This is a continuation of last week’s article covering the more unusual situations revealed by the R&A’s Rules Report, on this year’s Open Championship played at Muirfield.
As mentioned, the report states the majority of Muirfield’s rulings were simple affairs such as unplayable ball (18 rulings), identifying ball (17), interference from movable obstructions like cables (20) and relief from immovable obstructions such as sprinkler heads (29). Now to continue where last week left off:
Identifying Ball: During his third round, Martin Laird suffered two unplayable lies where he chose to drop – each one under penalty of one shot. Later in the same round he again found thick rough. A ball-spotter found a ball that Laird thought could be his, but he needed to make sure. After announcing to the spotter his intentions, he marked and lifted it just far enough to confirm that it was in fact his ball.
Something we don’t want to see – DQ.
A player is entitled to do what Laird did, however, he must make his intentions known to either his marker, fellow-competitor or a referee and give them the opportunity to observe the entire process – Rule 12-2. Unfortunately for Laird, notifying the spotter doesn’t cut it, thus the one stroke penalty.
Club Damaged Other than in Normal Course of Play: Charl Schwartzel’s first round frustrations came to a head on the 15th. Immediately after playing a bad shot he threw his club to the ground in disgust. The 8-iron broke in two on hitting the hard ground which meant he had to complete the round without it. Given the club was not broken during the normal course of play, the club may not be used nor replaced during that round – Rule 4-3b. Penalty for breach of rule; disqualification.
Disqualification through use of Non-conforming Driver: Moving away from the Open, there was a more recent incidence involving new technology that should concern us all. Charles Howell III was DQ’d for using a non-conforming driver during a PGA Tour event in August. Exactly why the driver was declared non-conforming is the interesting bit.
Howell was using the new SLDR driver from TaylorMade – the one that allows adjustment of a small weight along a track positioned on the sole of the club. Next to the track is a small weight port covered by a cap. This cap is removed when the golfer wants to change weights.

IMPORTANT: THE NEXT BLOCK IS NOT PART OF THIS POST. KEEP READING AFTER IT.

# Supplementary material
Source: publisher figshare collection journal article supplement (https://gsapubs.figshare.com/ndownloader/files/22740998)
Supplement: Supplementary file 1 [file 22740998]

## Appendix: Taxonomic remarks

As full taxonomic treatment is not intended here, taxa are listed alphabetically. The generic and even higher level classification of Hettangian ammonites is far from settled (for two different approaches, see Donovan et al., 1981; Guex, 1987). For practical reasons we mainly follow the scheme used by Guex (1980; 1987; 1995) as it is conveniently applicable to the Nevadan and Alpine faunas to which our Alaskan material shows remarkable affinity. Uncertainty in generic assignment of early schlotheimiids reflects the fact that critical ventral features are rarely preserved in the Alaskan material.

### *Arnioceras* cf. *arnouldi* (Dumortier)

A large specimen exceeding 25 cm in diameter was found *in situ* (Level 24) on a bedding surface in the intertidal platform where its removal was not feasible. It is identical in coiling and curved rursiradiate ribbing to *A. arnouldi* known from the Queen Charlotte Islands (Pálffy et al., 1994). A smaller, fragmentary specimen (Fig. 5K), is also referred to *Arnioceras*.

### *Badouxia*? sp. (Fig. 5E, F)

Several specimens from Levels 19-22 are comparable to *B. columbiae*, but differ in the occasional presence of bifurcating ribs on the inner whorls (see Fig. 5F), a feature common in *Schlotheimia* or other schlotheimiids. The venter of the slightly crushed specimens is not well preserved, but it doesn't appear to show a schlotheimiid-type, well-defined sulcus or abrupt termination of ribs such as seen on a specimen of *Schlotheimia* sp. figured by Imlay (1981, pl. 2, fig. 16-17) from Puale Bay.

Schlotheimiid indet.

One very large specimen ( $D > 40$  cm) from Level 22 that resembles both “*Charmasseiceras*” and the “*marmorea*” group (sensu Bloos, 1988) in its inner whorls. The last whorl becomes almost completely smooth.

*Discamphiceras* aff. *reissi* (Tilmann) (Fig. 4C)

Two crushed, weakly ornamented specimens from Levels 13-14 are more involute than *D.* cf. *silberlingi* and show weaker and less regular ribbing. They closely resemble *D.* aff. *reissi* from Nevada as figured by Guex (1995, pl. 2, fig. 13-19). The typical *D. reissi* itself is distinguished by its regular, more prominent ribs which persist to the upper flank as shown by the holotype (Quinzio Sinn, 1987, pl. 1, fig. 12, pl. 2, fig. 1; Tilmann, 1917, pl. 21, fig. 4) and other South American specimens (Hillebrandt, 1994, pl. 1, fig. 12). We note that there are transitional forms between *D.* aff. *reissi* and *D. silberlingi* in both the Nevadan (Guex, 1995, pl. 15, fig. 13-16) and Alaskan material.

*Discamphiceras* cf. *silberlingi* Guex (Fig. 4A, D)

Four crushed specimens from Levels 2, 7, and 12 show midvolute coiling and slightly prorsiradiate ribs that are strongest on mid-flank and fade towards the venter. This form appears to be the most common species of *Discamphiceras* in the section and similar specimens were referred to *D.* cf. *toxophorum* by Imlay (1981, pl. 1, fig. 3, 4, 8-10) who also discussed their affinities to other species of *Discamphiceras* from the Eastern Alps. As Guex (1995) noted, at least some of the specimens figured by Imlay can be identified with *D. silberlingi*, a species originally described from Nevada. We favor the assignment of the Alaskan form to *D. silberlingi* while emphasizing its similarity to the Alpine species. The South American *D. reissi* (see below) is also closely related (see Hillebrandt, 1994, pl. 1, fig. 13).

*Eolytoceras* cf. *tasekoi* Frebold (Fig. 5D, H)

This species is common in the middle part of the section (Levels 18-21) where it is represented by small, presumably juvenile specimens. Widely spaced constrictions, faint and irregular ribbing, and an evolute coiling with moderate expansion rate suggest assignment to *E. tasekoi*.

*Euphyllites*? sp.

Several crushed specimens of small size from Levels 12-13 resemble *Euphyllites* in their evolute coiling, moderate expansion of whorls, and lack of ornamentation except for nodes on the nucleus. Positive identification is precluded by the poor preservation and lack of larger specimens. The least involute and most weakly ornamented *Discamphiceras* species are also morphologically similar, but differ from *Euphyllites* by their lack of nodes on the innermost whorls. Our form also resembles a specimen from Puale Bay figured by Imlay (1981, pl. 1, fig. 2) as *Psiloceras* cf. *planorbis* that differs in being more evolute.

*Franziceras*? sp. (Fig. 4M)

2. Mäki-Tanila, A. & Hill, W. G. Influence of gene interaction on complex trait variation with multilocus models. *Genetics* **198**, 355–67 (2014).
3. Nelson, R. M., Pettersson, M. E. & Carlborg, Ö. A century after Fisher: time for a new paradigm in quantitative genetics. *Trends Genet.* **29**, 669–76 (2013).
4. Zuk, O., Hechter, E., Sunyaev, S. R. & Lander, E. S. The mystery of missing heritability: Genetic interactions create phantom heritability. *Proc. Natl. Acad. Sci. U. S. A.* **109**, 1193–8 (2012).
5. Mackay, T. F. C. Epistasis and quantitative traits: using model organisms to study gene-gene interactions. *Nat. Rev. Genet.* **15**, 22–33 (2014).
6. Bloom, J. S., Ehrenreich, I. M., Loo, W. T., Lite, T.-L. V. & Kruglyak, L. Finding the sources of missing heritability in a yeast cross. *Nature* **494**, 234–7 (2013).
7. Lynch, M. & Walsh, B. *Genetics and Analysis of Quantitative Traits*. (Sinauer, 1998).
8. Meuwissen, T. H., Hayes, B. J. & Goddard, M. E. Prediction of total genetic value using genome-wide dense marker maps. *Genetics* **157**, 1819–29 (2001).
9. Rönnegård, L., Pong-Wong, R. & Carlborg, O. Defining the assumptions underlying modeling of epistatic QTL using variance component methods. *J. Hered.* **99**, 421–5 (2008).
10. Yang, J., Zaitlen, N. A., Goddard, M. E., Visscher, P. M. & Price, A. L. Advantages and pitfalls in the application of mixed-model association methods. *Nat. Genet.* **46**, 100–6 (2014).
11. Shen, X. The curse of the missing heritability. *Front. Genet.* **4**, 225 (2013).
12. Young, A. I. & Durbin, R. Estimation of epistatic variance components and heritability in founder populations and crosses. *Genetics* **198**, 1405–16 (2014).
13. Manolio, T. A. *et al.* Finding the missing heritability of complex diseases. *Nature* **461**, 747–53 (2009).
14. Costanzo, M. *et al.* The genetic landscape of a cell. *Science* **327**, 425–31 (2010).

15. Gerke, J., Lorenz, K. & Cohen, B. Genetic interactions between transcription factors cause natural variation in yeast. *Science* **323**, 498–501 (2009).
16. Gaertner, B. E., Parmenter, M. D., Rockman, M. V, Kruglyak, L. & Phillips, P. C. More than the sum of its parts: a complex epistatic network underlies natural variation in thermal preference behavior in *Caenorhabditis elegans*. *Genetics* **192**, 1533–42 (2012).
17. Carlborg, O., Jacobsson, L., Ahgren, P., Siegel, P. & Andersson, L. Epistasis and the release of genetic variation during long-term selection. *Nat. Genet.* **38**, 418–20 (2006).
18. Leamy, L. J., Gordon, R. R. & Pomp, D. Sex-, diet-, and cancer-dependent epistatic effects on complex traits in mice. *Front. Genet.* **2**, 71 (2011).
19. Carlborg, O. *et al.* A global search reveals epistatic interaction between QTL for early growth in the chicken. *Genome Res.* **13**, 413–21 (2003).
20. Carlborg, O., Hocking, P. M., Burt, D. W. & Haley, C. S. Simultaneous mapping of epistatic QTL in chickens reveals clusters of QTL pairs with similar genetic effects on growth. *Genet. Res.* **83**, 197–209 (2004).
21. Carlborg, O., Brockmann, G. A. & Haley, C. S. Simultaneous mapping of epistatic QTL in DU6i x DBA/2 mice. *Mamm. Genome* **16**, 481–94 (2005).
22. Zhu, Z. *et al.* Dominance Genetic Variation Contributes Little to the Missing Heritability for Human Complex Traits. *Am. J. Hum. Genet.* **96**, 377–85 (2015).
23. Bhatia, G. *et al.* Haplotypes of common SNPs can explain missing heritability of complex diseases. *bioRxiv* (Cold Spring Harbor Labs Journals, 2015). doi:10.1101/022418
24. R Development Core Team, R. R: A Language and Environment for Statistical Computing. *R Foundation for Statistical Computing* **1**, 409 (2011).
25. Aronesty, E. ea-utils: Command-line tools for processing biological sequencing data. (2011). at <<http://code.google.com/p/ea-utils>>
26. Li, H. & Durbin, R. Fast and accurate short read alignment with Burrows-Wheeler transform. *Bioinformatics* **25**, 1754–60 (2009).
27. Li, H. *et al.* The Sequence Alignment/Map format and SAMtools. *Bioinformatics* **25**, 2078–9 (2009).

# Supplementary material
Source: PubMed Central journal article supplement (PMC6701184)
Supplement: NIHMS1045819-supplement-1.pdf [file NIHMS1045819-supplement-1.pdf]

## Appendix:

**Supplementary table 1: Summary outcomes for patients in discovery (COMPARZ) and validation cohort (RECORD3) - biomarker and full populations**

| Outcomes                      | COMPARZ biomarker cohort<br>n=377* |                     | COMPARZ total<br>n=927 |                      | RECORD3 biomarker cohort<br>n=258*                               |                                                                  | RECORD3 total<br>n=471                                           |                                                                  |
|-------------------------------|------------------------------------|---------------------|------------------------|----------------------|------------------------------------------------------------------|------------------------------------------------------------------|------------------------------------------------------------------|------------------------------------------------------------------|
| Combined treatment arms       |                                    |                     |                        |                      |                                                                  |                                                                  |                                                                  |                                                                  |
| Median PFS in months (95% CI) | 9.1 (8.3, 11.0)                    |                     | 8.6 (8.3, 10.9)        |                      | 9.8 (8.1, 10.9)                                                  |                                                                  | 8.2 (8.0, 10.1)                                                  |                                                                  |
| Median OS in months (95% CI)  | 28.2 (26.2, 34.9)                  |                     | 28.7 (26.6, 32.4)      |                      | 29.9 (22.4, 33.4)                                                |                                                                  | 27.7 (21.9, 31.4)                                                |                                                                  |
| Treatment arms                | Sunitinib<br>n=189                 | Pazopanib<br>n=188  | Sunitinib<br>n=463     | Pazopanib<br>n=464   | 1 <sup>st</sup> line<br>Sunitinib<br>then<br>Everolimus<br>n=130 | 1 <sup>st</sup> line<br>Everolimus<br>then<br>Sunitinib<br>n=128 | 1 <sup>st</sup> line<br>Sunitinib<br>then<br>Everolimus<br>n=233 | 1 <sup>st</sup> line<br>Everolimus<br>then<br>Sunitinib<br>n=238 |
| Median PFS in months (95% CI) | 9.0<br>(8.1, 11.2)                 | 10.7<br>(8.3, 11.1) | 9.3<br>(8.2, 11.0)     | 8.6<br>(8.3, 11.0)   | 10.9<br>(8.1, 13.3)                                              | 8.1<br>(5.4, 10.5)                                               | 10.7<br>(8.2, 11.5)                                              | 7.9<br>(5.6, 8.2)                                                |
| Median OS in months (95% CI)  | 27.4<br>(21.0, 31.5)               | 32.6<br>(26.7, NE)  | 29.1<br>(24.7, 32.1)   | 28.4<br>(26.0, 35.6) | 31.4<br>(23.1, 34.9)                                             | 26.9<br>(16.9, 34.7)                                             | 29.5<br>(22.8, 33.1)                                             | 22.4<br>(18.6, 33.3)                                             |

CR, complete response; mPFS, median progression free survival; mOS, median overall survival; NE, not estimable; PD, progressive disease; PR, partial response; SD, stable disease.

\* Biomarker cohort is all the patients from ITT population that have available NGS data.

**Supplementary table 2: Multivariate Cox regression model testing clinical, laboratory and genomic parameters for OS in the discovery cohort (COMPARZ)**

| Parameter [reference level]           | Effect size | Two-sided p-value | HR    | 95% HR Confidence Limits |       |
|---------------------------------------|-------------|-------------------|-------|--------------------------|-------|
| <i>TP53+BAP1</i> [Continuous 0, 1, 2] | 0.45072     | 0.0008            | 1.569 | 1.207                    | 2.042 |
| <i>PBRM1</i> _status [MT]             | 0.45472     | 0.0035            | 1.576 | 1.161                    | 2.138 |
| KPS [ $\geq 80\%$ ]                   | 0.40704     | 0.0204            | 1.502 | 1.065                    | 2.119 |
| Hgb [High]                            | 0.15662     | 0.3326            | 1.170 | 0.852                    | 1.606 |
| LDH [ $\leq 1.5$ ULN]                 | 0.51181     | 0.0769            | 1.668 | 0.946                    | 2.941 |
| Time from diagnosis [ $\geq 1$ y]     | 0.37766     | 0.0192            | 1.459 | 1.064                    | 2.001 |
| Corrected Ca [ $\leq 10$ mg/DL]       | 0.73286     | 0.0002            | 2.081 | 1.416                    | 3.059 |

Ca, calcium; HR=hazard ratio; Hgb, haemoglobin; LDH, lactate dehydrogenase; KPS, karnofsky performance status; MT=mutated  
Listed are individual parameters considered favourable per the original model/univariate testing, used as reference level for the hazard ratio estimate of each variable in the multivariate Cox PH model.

While warming up on the practise range prior to his second round, the cap was lost after it came off. Howell checked with TaylorMade officials who told him the club’s performance wouldn’t be affected. He thus used the driver minus the cap and finished the round tied in 10th place.
The following day rules officials told Howell that the missing cap made the driver non-conforming – and because he had used it the previous day, he was disqualified.
The lesson is that the clubs we use must be identical to that the manufacturer sent to the officiating body for testing – in every way.
Interestingly, had the cap dislodged itself after Howell had commenced his round (damaged in the normal course of play), there wouldn’t have been a problem – providing he fixed it prior to the next round.
Touching the Line of Putt: Another disqualification occurred during October’s BMW Masters in Shanghai. Englishman Simon Dyson was about to commence his third round, in a tie for second, when officials informed him he had been DQ’d for a breach of Rule 16-1a.
They then showed him a video taken from his round the previous day. It showed the golfer marking his ball before lifting then using the ball to tap down a mark that was on his line of putt. The actions, seen plainly in the video, appear to be that of an unthinking golfer having a brain-fade rather than of someone deliberately flouting the rules. An impression supported by Dyson himself, who said after seeing the incident replayed, “I still can’t recall doing it.”
The incident saw Dyson appear before the European Tour’s disciplinary panel where he was found guilty of a serious breach of the tour’s code of behaviour, fined UKP30, 000 and given a two-month ban, suspended for 18 months. He was adjudged to have deliberately tapped down a spike mark on the line of his putt in the full knowledge he was breaking Rule 16-1a of the Rules of Golf, with the purpose of improving his position on the green.
Compared to other sports, this may appear somewhat trivial. In golf, however, that is far from the case. As the hearing noted, “Conduct such as that committed by Mr Dyson is a very serious matter, which in other circumstances would warrant suspension from the tour.”
God forbid that we golfers in Pattaya should ever do such a thing – we have caddies for that.